Telemedicine – Healthcare’s New Differentiator Jul 24, 2020
We have seen an exponential growth in the number of telemedicine visits being performed since the pandemic’s arrival on our shores. While this growth is expected to plateau, telemedicine is here to stay well beyond the pandemic. A recent article by Becker’s Hospital Review, “Trump directs federal agencies to make telehealth reforms ‘totally permanent,”
(1) states that the Trump administration has urged federal agencies to make the temporary changes to healthcare reforms permanent to allow for the benefits of telemedicine.
As telemedicine plays a larger role in care delivery and care management, it is imperative for providers to implement this in a way that helps streamline operational efficiencies and effectively manage care. Comparing telehealth’s cost to deliver to in-person visits alone makes a strong argument for its increased use. It is estimated that a telehealth visit saves a provider $86.64 (2) over a typical in-person visit. Providers could see an increase in revenue with an increased number of visit capacity, lower overhead costs and fewer no-shows and yet patients still experience the bulk of benefits from lower copays, convenience and significant time savings.
A streamlined, easy to use, and effective telemedicine program can become a critical differentiator for healthcare organizations as we rapidly adopt this patient-centric healthcare medium.
Below we will highlight 3 aspects of telemedicine that will be critical for provider organizations to master
– Make it Easy
– Make it Effective
– Make it Applicable
Make it Easy
Providers need to make it easy for patients to access and schedule telemedicine visits. Staff training on how to interact effectively in this medium and choosing a telemedicine platform that (a) supports a variety of interaction models (e.g., audio only, audio/video) and that (b) works on different devices and platforms will be very important to increased adoption. Likewise, focus on member education and getting members comfortable with this new way of scheduling visits and interacting with their physicians is also vital to the adoption of a telemedicine platform. Along the same lines, physician training and adoption is also very important to make sure they are comfortable with the technology and understand the care, documentation and coding guidelines necessary to integrate the telemedicine platform into their patient record system or EHR. One important aspect to highlight to patients is the ease of use and convenience factor. According to the American Journal of Managed care, it typically takes 2 hours of patient time to see a doctor for 20 minutes. If that were a telemedicine visit, it would be a total of 25 minutes, which accounts for 5 minutes to log-in and get setup. This is a whooping 80% time savings for the patient.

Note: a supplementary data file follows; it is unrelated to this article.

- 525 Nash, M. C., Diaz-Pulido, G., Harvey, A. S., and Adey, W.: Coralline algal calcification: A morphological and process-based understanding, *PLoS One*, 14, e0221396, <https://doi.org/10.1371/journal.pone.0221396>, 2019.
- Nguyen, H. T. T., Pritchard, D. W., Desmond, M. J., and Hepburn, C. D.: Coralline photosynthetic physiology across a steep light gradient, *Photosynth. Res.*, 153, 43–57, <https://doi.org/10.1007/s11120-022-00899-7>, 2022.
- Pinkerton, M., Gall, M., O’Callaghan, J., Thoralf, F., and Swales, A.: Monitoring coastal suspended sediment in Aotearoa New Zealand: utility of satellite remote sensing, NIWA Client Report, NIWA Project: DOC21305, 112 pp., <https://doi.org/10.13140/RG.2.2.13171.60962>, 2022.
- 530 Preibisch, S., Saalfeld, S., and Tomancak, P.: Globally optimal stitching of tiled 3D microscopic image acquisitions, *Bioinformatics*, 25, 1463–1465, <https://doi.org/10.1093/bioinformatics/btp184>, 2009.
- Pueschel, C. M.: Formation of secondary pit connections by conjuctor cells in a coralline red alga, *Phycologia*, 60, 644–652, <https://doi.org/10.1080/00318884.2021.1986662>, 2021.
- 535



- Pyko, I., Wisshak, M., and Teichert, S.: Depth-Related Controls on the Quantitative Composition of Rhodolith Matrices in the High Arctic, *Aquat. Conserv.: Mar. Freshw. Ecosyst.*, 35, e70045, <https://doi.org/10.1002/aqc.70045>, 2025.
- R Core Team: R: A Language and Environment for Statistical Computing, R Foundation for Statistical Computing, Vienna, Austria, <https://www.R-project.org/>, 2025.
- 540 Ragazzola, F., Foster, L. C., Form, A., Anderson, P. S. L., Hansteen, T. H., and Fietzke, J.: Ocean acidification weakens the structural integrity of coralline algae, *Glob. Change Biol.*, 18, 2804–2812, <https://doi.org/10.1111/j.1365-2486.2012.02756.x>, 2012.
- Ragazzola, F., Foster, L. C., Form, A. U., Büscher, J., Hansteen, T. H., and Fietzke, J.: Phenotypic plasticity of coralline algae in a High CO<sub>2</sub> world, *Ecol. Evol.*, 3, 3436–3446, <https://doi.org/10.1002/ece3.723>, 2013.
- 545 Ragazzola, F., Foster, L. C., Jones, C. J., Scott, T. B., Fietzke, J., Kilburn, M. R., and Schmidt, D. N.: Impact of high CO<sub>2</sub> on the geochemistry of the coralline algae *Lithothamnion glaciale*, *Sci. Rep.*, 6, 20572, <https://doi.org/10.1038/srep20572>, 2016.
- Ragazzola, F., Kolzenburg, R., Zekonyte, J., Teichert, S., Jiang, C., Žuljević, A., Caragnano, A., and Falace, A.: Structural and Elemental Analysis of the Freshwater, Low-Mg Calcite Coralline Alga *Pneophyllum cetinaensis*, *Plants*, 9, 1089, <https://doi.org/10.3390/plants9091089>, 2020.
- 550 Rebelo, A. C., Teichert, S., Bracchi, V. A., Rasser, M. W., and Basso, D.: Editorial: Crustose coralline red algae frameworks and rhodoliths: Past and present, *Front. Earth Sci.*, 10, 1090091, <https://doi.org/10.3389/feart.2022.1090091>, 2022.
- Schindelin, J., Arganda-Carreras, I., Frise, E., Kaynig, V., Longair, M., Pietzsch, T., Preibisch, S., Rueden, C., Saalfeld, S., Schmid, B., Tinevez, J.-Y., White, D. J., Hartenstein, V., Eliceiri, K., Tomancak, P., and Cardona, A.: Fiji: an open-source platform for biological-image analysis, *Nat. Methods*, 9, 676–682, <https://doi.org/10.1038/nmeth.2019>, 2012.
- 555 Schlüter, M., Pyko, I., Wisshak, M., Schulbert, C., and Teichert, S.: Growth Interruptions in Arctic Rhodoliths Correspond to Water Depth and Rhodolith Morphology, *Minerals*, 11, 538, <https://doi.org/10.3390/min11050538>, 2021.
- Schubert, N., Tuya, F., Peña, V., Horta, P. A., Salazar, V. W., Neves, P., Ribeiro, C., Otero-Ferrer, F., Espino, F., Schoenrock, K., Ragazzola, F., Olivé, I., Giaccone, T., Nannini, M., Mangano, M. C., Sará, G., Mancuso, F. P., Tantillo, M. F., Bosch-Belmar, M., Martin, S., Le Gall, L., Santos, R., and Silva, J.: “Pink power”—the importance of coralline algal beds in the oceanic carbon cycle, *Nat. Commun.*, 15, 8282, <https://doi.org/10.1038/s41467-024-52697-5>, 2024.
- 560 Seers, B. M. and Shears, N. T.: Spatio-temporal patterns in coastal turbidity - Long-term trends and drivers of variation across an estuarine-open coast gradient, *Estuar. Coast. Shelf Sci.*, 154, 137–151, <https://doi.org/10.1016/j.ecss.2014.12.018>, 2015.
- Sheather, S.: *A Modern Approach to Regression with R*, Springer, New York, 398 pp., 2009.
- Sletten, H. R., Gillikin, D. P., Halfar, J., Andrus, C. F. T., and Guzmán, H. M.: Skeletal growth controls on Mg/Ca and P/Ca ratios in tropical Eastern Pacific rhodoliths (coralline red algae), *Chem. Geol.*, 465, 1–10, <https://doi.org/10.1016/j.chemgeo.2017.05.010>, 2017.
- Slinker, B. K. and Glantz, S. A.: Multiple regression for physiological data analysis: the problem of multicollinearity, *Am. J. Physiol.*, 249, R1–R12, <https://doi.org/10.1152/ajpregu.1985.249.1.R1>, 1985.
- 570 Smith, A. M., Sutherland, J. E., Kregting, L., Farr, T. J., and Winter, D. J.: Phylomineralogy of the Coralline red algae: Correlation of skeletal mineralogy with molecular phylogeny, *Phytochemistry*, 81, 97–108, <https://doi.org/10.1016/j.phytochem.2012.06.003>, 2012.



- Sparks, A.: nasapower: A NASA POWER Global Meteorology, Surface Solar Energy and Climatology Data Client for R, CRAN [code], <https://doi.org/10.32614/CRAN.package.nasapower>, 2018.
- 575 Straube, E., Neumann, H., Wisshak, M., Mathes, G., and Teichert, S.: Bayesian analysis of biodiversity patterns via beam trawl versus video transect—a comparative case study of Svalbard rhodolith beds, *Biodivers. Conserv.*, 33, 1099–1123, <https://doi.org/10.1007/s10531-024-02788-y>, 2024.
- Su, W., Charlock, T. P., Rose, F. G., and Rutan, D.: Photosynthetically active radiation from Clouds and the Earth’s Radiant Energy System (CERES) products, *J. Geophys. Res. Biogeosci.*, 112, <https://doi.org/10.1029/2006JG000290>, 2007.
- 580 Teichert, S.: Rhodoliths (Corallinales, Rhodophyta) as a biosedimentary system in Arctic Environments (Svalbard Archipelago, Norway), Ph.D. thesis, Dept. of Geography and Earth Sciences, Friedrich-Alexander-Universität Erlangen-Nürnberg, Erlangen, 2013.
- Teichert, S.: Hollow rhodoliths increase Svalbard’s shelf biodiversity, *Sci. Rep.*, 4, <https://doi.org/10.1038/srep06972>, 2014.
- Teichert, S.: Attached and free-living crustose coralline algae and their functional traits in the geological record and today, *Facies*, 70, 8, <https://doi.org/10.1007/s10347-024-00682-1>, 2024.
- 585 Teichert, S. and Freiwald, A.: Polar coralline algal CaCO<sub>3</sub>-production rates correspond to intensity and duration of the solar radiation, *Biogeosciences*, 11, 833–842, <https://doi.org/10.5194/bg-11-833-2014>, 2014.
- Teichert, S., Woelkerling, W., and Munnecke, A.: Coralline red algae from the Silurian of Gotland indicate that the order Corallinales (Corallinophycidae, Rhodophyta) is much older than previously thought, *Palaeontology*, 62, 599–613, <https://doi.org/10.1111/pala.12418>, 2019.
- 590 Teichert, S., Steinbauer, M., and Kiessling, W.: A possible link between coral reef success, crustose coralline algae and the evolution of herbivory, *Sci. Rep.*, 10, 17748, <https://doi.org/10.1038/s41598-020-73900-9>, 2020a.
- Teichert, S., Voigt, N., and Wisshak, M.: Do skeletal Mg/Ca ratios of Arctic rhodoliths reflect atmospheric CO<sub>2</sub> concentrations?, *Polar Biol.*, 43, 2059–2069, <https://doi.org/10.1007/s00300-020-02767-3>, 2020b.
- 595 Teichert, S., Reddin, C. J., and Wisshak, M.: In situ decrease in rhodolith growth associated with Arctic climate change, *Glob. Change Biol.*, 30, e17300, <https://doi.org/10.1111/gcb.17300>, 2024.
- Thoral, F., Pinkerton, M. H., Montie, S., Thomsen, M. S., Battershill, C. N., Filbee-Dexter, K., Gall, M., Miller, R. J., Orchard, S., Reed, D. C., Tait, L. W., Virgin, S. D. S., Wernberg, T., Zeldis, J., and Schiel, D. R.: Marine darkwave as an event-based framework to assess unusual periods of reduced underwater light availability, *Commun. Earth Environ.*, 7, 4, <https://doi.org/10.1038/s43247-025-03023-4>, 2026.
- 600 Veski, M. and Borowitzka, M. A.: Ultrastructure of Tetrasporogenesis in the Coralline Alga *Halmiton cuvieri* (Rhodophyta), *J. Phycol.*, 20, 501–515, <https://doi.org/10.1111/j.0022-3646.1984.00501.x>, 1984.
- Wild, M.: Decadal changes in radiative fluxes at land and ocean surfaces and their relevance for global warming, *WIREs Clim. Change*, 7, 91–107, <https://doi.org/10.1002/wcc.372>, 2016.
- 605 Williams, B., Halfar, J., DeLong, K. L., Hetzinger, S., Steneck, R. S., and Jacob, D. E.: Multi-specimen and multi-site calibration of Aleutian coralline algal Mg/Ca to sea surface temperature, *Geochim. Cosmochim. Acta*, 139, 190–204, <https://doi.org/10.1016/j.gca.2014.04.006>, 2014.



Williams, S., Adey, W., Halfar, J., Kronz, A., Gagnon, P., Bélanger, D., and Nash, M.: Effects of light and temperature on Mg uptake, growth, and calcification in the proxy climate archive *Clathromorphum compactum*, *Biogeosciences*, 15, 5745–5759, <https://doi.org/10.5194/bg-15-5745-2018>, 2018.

Make it Applicable
Telemedicine can provide insights into a patient’s care setting that providers otherwise miss in an in-office face-to-face setting. Social Determinants of Health are an important element of healthcare and are often misrepresented, unknown or unrealized when there is no context. Conditions in the places where people live, learn, work, and play largely affect the range of a patient’s health risks and outcomes. These risks are becoming increasingly visible with video-enabled telehealth. Practitioners are able gain a glimpse into the lives of their patients with telehealth as they would from an expensive in-home visit. “A doctor can see into the lives of patients with telemedicine encounters,” says Rich Bitting from Jefferson Health in Pennsylvania. “Previously unknown SDoH factors can now be viewed first-hand by the practitioner. One of our patients had an intracranial surgery and was home recovering. With a single telehealth visit, the doctor was able to see into this patient’s life where he was having dinner with his family and have first-hand witness of his nutrition, support system, and environment. This insight can be invaluable data to have when assessing patient recovery, overall well-being or any outlying needs,” he added. Quantifiable SDoH further legitimizes telehealth and may add additional value in the SHIFT to value-based-care.
Make it Effective
While the cost savings and care benefits can be significant, there are certain limits and constraints where telemedicine may not be possible for everyone. There are clearly conditions that require a face-to-face visit or intervention, such as a complex lab test or physical diagnostic examination to diagnose or treat. There are other limitations to be aware of as well. A recent survey by OneCare Vermont indicated that 86% of patients hesitate to use telehealth as an option because of the lack of technical know-how or financial resources (3).
OneCare Vermont Telehealth Survey March 2020
While some of the above barriers can be addressed directly by provider organizations, there are others that will take time and external change agents. For instance, access to affordable, adequate broadband and technology accounts for a large portion of survey responses. Patients that reside in poor socioeconomic conditions are the very individuals that need further professional insight into their SDoH but have the highest likelihood of not being able to participate in telehealth visits. Federal and State governments, for example, may be the likely “change agents” who can invest the capital into Internet bandwidth to make access readily available and affordable even in rural areas.
In summary, while telemedicine has its limitations, it will play a growing and more important role in care delivery. It is imperative for provider organizations to adopt this strategy to reduce costs, increase the quality of patient care, and lessen patient barriers to quality care.
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